Consumer debt rises at fastest annualised pace in almost nine years

Consumer debt rises at fastest annualised pace in almost nine years

Consumer debt rose at its fastest annualised pace in almost nine years during October, according to the latest monthly Reserve Bank sector credit figures.

Consumer debt rose $983 million, or 7.2%, to $14.723 billion in the year to October. Month-on-month it was up $143 million, or 1% from September. At $14.723 billion, consumer debt is also at a record high.

You have to go back to December 2005 to find a faster annual pace of consumer debt growth, when it grew at 7.3%. The fastest growth in the Reserve Bank series, which dates back to 1999, was 14.4% in April 2001.

The major banks have been competing aggressively in the credit card market this year offering the likes of  0% and 1% balance transfer interest rates.

However, some credit card interest rates are on the rise. Earlier this week Westpac added between 0.5% and 1% to many of its credit card interest rates, effective from December 2. That will make the standard purchase credit card rate 20.4% and the standard cash advance interest rate 22.95%. BNZ followed suit today, lifting some of its credit card cash advance rates to 22.95% from 22.20%, and some purchase rates to 20.95% from 19.95%. See all credit card interest rates here.

As reported by interest.co.nz on November 5, the Government is seeking feedback on incoming consumer credit regulations that will prescribe both cost of borrowing details lenders must make publicly available, and what goes in a minimum repayment warning on credit card statements.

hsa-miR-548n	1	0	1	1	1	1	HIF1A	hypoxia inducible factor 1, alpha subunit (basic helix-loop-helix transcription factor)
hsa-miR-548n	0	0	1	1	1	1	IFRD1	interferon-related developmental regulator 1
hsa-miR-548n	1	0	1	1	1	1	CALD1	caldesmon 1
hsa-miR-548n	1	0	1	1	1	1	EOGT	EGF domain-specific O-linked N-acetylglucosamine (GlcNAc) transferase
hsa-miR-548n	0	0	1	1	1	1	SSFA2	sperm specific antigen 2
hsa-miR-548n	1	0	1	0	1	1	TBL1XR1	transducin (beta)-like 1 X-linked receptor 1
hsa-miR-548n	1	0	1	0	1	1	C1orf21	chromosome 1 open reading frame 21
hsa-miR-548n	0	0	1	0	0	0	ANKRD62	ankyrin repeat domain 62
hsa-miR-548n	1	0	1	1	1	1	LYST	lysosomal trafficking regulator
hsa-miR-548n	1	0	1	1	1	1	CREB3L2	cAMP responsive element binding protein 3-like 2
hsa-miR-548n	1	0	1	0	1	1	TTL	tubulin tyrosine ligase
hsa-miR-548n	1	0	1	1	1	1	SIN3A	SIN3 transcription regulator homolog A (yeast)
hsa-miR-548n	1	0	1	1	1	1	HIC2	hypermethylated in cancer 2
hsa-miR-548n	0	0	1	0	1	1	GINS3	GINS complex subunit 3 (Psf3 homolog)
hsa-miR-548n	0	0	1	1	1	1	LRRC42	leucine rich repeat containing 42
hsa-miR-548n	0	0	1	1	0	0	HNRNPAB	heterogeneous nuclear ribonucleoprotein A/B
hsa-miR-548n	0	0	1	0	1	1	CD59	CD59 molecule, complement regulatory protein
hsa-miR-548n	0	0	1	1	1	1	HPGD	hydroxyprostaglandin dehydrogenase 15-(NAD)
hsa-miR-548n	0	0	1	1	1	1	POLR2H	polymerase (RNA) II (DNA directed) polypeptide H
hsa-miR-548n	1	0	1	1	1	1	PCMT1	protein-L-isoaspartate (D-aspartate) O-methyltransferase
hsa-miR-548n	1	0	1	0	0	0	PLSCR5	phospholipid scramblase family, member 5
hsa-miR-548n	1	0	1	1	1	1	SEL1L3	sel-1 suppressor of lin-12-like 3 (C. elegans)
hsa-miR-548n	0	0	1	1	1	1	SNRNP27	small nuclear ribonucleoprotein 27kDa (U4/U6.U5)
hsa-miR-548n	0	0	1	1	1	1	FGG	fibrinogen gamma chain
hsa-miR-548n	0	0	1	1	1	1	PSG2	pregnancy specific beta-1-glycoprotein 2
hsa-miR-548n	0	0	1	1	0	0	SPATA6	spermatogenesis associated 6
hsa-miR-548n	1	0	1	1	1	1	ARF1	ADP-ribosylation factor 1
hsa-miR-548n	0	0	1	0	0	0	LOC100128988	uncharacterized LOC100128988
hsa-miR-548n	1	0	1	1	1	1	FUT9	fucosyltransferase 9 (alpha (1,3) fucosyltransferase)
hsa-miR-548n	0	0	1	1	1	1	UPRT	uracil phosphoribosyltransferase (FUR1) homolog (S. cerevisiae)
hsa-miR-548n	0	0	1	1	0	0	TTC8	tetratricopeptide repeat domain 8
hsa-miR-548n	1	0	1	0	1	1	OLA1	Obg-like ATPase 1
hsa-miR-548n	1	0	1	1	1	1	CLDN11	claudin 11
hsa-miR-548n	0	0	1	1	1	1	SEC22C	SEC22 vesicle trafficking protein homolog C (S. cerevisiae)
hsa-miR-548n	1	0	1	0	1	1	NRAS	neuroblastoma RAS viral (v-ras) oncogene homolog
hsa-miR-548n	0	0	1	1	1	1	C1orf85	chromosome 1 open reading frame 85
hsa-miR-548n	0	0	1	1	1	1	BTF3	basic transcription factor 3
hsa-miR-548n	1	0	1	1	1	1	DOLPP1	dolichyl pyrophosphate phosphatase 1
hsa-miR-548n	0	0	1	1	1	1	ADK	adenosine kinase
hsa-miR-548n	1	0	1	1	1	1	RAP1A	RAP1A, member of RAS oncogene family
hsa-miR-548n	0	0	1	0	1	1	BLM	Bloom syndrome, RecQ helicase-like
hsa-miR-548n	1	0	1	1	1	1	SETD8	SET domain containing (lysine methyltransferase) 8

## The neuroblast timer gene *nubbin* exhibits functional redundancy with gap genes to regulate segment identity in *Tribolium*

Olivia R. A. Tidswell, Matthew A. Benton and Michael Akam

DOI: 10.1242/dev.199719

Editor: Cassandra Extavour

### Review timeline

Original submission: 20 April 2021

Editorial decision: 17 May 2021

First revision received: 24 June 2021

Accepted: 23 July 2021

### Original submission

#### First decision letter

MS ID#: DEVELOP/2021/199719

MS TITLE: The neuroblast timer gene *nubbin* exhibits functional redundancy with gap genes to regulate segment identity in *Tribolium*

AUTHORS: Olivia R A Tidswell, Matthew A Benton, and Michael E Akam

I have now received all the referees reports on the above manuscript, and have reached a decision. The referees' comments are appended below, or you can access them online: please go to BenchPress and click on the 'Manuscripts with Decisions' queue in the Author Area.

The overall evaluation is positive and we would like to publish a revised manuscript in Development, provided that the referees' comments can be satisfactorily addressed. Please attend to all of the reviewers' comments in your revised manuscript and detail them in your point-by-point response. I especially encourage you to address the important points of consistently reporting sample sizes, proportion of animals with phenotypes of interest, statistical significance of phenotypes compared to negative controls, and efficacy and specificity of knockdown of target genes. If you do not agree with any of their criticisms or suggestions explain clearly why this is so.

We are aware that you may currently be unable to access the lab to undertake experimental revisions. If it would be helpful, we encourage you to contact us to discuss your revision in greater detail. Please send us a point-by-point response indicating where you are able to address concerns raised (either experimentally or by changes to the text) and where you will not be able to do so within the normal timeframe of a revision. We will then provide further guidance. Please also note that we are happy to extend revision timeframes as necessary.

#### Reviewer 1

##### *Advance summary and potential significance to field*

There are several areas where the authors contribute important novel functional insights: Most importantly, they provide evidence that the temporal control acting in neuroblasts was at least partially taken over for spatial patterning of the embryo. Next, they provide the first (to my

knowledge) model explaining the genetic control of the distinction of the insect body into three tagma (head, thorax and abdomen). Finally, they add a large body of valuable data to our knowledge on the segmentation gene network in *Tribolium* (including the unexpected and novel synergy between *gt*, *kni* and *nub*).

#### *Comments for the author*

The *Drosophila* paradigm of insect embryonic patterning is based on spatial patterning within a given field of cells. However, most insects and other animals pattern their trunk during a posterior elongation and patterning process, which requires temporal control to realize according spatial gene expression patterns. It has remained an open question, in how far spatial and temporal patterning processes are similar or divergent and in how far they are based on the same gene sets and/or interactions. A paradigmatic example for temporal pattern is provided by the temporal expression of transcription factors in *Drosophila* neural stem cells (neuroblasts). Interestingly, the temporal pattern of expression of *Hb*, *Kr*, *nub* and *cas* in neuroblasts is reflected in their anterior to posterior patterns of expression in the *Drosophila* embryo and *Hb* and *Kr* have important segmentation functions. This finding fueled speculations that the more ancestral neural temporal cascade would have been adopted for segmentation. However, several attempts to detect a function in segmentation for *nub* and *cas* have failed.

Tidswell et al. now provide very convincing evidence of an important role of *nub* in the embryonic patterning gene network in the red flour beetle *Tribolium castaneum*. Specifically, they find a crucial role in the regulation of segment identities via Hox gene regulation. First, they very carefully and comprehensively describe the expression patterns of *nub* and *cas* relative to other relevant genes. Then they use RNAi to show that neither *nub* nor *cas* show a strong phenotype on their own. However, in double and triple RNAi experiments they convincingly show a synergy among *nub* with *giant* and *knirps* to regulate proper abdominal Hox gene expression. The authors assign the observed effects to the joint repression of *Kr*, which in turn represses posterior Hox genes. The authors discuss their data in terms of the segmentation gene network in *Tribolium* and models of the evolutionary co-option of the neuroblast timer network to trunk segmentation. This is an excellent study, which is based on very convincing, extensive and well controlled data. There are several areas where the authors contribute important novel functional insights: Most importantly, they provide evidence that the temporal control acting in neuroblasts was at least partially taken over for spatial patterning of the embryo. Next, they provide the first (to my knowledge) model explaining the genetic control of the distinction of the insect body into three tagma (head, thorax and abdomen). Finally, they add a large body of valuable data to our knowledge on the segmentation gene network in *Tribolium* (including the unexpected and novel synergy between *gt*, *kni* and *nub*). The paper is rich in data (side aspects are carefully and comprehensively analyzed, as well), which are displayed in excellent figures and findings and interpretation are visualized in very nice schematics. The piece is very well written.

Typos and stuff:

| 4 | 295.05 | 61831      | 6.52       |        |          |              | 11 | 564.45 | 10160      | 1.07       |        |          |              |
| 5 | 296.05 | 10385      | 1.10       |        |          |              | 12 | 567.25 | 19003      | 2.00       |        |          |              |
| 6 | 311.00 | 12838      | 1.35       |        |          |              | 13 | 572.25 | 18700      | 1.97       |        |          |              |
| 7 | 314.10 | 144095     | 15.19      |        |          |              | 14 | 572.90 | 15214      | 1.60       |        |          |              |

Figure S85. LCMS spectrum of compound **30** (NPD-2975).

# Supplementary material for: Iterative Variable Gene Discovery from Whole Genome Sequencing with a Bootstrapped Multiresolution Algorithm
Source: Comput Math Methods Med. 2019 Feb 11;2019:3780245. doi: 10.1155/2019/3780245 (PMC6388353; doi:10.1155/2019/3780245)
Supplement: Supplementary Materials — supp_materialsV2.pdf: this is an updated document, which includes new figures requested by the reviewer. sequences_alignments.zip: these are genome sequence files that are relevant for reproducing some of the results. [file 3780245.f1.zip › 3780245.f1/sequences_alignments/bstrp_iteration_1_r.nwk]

Meanwhile, in the other sector credit categories business debt rose at an annual rate of 4.9% in October, its fastest pace since hitting 5.2% in October 2012, with the total topping $82 billion for the first time. Month-on-month business debt rose $1.433 billion, or 1.8%, to $82.586 billion.

Agriculture debt rose 3.7%, its fastest rate since June, to reach a fresh record high of $53.843 billion. Housing debt was the only sector where the annual rate of growth slowed in October from September, clocking 4.5% versus 4.7% . The total is, however, also at an all time high of $195.284 billion.

Total household claims rose 4.7% year-on-year, or 0.4% month-on-month on a seasonally adjusted basis, in October to $210.007 billion.

Meanwhile, the trend towards fixed-term mortgages and away from floating rate home loans continued. The percentage of home loans fixed - by value - reached 72.16% in October, up from 71.72% in September, and the percentage of loans floating dropped to 27.84% from 28.28%.

We welcome your help to improve our coverage of this issue. Any examples or experiences to relate? Any links to other news, data or research to shed more light on this? Any insight or views on what might happen next or what should happen next? Any errors to correct?

We welcome your comments below. If you are not already registered, please register to comment.

Remember we welcome robust, respectful and insightful debate. We don't welcome abusive or defamatory comments and will de-register those repeatedly making such comments. Our current comment policy is here.

2 Comments

Comment Filter

Highlight new comments in the last hr(s).

Its called getting a sense of Deja vu.

Agriculture up 3.7% in October? Dairy farmers just pocketed the last of the biggest ever payout, a comparative November figure will be interesting. The local focus farm is spending $2.45 per cow on feed, 0.5kgsMS to pay for that alone out of 1.8kgs MS.
Gonna be a interesting eight or so months leading up to terminal tax dates for the 2014 year.